For the past 20 years, the Institute for Education has sought to serve as a bastion of calm and civility amid a political culture rife with polarization and partisanship.
This is, of course, not an easy task, and in today’s heated political climate, it’s somewhat of a novelty. But the D.C.-based nonprofit organization, which was founded by and is the brainchild of CEO and “coach” Kathy Kemper, has had success in bringing together and fostering a dialogue among diverse representatives from business, politics, diplomacy and media over the past two decades.
Those 20 years in pursuit of civility was the occasion of a Dec. 7 banquet at the stately residence of Belgian Ambassador Jan Matthysen to honor the Institute for Education (IFE) and its mission of “making world affairs our business.” The event, dubbed “Looking Forward, Looking Back,” was attended by a collection of politicians, diplomats and corporate leaders emblematic of the heavyweights who have supported IFE’s signature public policy roundtables over the years.
These IFE-INFO roundtables have become a staple on the Washington circuit, bringing together an eclectic range of luminaries such as Supreme Court Justice Samuel Alito, former White House Chief of Staff Joshua Bolten, Secretary of State Hillary Clinton while she was a New York senator, former CIA Director Michael Hayden, Undersecretary of State for Economic, Energy and Agricultural Affairs Robert Hormats, D.C. Police Chief Cathy Lanier, and ambassadors from Egypt, Indonesia, Israel, Japan, Kazakhstan, Monaco and Norway, among many others.
“Greetings sports fans” is how Kemper — a seasoned tennis coach — welcomes her roundtable guests, and it was her opening at the Dec. 7 tribute dinner as well.
“For 20 years we’ve had the privilege of asking the questions, hearing the answers, and engaging with our speakers, usually gathering for breakfast before the rest of the town has had their first cup of coffee,” she told her guests.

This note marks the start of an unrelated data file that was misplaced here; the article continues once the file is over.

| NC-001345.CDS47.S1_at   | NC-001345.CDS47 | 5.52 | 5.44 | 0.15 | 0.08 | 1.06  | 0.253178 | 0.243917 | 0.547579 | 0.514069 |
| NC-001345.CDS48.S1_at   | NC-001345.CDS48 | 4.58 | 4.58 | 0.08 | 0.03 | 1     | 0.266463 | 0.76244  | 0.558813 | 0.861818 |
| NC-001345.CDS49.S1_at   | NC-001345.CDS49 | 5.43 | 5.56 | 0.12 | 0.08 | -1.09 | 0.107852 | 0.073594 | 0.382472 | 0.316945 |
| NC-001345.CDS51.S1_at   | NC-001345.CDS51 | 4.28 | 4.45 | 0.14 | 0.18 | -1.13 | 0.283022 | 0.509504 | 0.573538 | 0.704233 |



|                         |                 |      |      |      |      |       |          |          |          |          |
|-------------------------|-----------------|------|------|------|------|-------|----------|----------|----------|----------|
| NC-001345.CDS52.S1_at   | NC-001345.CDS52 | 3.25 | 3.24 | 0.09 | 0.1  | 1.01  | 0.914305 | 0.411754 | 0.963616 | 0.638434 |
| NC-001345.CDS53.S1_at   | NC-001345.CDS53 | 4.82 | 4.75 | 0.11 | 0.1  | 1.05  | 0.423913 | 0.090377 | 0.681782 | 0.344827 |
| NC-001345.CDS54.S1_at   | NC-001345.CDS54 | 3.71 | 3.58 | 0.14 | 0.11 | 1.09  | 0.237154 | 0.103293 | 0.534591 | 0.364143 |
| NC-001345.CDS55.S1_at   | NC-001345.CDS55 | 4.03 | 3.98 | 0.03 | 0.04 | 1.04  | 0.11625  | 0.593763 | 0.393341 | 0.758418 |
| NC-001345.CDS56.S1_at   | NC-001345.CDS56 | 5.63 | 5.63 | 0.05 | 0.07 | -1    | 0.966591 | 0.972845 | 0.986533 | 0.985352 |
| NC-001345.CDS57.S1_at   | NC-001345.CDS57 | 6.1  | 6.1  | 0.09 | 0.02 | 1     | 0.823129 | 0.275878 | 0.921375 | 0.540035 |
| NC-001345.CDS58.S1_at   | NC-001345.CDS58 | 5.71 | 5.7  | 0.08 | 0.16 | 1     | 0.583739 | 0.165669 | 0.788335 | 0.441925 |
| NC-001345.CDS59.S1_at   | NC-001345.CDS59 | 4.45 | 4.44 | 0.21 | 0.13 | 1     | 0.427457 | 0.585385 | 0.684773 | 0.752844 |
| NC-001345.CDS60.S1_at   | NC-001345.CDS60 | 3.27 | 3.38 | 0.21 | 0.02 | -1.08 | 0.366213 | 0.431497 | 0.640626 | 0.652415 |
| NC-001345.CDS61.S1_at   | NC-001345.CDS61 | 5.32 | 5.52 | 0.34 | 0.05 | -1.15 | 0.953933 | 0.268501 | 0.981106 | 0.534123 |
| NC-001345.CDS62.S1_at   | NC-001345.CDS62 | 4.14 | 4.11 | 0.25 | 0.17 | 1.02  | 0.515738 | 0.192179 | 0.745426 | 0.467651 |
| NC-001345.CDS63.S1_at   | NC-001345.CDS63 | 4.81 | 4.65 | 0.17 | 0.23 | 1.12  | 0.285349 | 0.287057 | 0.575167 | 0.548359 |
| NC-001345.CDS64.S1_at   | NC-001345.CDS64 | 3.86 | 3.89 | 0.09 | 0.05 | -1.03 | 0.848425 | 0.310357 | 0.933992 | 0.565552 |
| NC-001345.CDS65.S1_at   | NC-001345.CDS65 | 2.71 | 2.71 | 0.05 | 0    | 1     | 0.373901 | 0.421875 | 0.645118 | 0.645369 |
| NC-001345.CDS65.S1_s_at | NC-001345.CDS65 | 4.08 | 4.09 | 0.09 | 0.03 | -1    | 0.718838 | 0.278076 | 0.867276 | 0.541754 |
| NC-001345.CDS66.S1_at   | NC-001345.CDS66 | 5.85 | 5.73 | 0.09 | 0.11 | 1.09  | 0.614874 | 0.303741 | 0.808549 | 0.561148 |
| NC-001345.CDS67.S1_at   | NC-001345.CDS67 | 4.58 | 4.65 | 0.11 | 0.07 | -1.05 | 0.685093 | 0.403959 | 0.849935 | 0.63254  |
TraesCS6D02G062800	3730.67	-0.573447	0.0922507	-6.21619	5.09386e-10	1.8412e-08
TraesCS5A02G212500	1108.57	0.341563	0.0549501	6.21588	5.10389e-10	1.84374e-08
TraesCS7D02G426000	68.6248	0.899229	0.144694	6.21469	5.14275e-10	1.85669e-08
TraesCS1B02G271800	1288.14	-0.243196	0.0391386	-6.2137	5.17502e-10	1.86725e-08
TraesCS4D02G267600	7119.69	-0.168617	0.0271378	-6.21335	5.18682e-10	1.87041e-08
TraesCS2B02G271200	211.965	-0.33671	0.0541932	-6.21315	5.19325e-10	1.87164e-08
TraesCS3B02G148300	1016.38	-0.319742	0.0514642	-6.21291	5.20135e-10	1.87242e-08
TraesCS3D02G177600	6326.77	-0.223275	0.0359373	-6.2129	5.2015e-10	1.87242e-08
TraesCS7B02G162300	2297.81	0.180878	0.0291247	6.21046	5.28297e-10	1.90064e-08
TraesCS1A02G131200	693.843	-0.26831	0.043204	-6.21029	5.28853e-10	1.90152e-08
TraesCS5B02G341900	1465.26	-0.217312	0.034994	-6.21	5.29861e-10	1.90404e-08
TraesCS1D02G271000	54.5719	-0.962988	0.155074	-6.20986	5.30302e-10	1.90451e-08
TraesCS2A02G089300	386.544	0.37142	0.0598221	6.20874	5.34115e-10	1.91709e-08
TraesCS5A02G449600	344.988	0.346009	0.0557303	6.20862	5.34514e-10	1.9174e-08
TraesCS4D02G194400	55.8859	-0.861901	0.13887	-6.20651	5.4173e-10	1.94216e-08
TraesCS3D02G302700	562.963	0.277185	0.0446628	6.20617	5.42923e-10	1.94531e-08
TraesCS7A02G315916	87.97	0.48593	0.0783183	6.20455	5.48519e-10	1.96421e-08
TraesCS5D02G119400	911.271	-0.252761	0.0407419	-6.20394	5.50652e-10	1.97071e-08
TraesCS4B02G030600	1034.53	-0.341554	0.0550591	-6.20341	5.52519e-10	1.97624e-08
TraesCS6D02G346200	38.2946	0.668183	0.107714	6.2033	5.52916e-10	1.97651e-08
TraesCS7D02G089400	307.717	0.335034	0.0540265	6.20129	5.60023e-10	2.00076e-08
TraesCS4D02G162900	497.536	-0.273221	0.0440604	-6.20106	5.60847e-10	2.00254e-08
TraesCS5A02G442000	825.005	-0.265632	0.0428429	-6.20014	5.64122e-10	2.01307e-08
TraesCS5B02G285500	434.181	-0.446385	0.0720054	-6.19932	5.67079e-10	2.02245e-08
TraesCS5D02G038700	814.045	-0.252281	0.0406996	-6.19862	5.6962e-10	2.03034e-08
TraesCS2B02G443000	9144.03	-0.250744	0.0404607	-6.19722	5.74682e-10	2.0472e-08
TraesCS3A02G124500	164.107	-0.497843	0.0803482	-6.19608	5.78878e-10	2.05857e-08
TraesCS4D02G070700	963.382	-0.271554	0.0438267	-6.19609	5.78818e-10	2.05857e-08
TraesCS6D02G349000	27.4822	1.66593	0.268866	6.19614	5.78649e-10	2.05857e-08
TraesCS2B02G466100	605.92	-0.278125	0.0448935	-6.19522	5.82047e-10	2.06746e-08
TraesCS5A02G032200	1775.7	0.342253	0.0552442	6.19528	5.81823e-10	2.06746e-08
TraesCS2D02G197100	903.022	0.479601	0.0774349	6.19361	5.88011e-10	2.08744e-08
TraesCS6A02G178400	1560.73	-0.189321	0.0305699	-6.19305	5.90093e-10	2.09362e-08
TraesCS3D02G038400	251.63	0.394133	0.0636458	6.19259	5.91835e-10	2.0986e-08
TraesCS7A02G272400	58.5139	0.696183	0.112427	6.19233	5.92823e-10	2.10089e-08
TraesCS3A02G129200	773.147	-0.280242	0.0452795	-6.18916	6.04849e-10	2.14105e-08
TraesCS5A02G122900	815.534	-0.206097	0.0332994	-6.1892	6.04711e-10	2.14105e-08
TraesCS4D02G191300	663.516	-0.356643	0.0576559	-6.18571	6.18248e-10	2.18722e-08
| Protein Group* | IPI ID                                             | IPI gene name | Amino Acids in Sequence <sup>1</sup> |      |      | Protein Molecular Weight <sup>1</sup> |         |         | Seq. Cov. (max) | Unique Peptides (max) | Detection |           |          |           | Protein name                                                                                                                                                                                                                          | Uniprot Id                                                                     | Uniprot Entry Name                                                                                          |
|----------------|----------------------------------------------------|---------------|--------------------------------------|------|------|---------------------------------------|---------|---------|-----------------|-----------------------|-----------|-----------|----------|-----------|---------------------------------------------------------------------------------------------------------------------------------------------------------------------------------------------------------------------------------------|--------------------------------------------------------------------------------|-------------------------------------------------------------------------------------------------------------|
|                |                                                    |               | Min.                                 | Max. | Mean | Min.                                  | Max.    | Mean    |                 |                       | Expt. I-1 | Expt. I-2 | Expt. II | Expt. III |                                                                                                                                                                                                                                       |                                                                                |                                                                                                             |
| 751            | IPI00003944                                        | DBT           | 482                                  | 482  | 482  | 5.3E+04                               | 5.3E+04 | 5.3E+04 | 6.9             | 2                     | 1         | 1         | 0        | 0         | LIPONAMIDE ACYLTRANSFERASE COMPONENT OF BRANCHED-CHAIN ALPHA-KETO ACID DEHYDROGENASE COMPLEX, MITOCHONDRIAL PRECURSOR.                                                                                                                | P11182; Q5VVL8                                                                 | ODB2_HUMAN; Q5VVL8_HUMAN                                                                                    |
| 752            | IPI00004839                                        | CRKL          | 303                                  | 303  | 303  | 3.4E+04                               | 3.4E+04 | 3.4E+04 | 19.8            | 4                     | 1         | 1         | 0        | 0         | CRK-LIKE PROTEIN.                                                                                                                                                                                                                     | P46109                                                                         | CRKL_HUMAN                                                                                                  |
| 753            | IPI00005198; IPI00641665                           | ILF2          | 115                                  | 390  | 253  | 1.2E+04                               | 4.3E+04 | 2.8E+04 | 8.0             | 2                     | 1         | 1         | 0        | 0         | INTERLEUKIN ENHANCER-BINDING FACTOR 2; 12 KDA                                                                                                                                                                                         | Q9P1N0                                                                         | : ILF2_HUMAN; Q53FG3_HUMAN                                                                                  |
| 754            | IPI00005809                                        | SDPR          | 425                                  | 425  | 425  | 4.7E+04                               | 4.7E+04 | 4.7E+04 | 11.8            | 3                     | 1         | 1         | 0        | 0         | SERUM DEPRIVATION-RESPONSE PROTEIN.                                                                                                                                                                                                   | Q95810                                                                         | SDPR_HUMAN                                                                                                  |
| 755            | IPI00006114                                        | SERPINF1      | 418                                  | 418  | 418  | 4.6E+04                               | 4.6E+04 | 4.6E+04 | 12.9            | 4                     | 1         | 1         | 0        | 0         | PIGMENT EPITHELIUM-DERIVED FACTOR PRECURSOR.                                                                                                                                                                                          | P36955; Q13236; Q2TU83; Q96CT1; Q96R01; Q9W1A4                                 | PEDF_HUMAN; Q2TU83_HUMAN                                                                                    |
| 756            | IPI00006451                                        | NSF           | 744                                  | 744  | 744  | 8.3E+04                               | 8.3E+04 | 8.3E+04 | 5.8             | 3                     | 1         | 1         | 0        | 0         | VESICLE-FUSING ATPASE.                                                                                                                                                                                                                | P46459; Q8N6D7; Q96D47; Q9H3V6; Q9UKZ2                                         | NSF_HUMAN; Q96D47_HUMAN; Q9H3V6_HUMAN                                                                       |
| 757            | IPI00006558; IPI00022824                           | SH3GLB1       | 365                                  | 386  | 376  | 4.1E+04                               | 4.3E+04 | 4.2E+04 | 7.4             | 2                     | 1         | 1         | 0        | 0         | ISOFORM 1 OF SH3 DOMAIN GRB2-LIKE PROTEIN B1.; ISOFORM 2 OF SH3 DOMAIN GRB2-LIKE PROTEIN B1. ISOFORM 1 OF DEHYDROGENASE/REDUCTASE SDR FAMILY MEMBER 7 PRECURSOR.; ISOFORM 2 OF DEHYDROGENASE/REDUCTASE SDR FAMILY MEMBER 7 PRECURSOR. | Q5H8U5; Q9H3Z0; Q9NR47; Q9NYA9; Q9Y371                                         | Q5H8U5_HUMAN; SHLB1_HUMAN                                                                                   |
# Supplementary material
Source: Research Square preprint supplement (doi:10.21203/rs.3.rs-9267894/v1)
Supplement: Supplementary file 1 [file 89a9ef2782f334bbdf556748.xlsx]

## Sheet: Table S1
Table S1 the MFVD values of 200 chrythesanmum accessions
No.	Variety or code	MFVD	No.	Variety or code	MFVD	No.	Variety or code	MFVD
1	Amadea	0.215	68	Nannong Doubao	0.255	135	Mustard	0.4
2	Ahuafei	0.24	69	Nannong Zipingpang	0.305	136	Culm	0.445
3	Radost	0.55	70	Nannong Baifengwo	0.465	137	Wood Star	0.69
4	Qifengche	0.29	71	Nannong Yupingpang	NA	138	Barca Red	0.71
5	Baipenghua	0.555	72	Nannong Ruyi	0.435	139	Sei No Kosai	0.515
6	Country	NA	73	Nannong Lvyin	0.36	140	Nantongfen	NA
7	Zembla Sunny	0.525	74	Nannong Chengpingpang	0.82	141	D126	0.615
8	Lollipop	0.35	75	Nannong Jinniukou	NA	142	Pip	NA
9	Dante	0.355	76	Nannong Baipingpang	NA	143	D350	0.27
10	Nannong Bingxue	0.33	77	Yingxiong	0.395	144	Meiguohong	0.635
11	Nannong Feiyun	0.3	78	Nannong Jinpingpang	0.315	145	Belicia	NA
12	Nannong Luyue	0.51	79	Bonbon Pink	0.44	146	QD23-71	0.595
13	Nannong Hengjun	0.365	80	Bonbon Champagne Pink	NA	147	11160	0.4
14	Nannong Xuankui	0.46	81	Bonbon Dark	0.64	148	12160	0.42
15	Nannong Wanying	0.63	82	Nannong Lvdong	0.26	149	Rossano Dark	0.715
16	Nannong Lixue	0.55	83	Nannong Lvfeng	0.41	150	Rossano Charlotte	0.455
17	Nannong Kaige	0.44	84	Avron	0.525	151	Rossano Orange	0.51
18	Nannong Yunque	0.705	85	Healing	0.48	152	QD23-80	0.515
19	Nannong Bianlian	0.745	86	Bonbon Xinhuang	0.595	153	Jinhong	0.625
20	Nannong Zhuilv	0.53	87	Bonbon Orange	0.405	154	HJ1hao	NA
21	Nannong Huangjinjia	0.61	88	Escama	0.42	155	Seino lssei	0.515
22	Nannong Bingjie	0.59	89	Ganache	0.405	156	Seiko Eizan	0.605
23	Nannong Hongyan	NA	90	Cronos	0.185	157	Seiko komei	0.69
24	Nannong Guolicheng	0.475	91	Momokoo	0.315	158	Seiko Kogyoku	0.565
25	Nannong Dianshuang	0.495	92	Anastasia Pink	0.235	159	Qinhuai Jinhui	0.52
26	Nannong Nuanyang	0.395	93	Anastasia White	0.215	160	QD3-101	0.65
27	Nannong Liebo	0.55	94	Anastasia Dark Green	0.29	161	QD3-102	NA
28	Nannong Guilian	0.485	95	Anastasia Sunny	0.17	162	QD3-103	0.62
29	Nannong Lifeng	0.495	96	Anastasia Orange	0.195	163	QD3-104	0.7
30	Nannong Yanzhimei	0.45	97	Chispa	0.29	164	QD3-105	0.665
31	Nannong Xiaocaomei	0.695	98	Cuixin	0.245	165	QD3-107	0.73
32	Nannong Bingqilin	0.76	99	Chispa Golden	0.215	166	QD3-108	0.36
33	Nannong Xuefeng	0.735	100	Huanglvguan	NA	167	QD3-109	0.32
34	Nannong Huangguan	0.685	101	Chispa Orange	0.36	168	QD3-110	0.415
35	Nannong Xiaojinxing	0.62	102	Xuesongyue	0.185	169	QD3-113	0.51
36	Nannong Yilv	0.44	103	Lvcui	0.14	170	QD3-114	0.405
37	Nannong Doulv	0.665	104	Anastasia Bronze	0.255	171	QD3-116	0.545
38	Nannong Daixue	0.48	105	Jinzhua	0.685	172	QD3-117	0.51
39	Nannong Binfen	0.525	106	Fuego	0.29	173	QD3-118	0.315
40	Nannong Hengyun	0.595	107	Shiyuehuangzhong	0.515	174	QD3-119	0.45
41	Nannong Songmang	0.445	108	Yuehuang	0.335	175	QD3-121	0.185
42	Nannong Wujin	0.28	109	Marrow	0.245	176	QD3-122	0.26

“We’ve had more than 200 distinguished speakers promoting civility and finding common ground,” she proudly added, noting that “for the last two decades we’ve enjoyed hearing from U.S. Supreme Court justices, House and Senate leaders, Nobel Laureates, Pulitzer Prize winners, ambassadors, cabinet secretaries, governors, mayors, a vice president of the United States, and senior members of the fourth estate.”
Belgium Ambassador Matthysen, an IFE diplomatic steward, chimed in, adding a Miss America to that list of speakers and praising the institute as a “wonderful network to get to know new friends in Washington” — high-powered ones at that.
“IFE has been ahead of the game for some time now — stressing civility and dialogue at the expense of knee-jerk partisanship. It works,” wrote Pulitzer Prize-winning New York Times columnist Thomas Friedman of the group. “The people who attend IFE events understand that they are absolutely expected to make their points without holding back, but they know that IFE is different — there is good humor, fellowship, and a spirit of collaboration. And IFE attracts the nation’s leading officials as speakers, as well as an audience of who’s who in Washington. IFE has been and continues to be at the forefront of ‘changing the way Washington works.'”
In an interview with The Washington Diplomat, Kemper said that despite operating within the partisan vacuum, her guests, even the political big shots among them, virtually always respect the overarching message of civility.
“Everybody it seems that has come responds to it very affirmatively, and embraces it, and thinks it’s a very important component,” Kemper said. She added that they all believe in “solving problems and collaborating and building trust” as an antidote to the prevailing lack of comity, both across the country and inside the Beltway.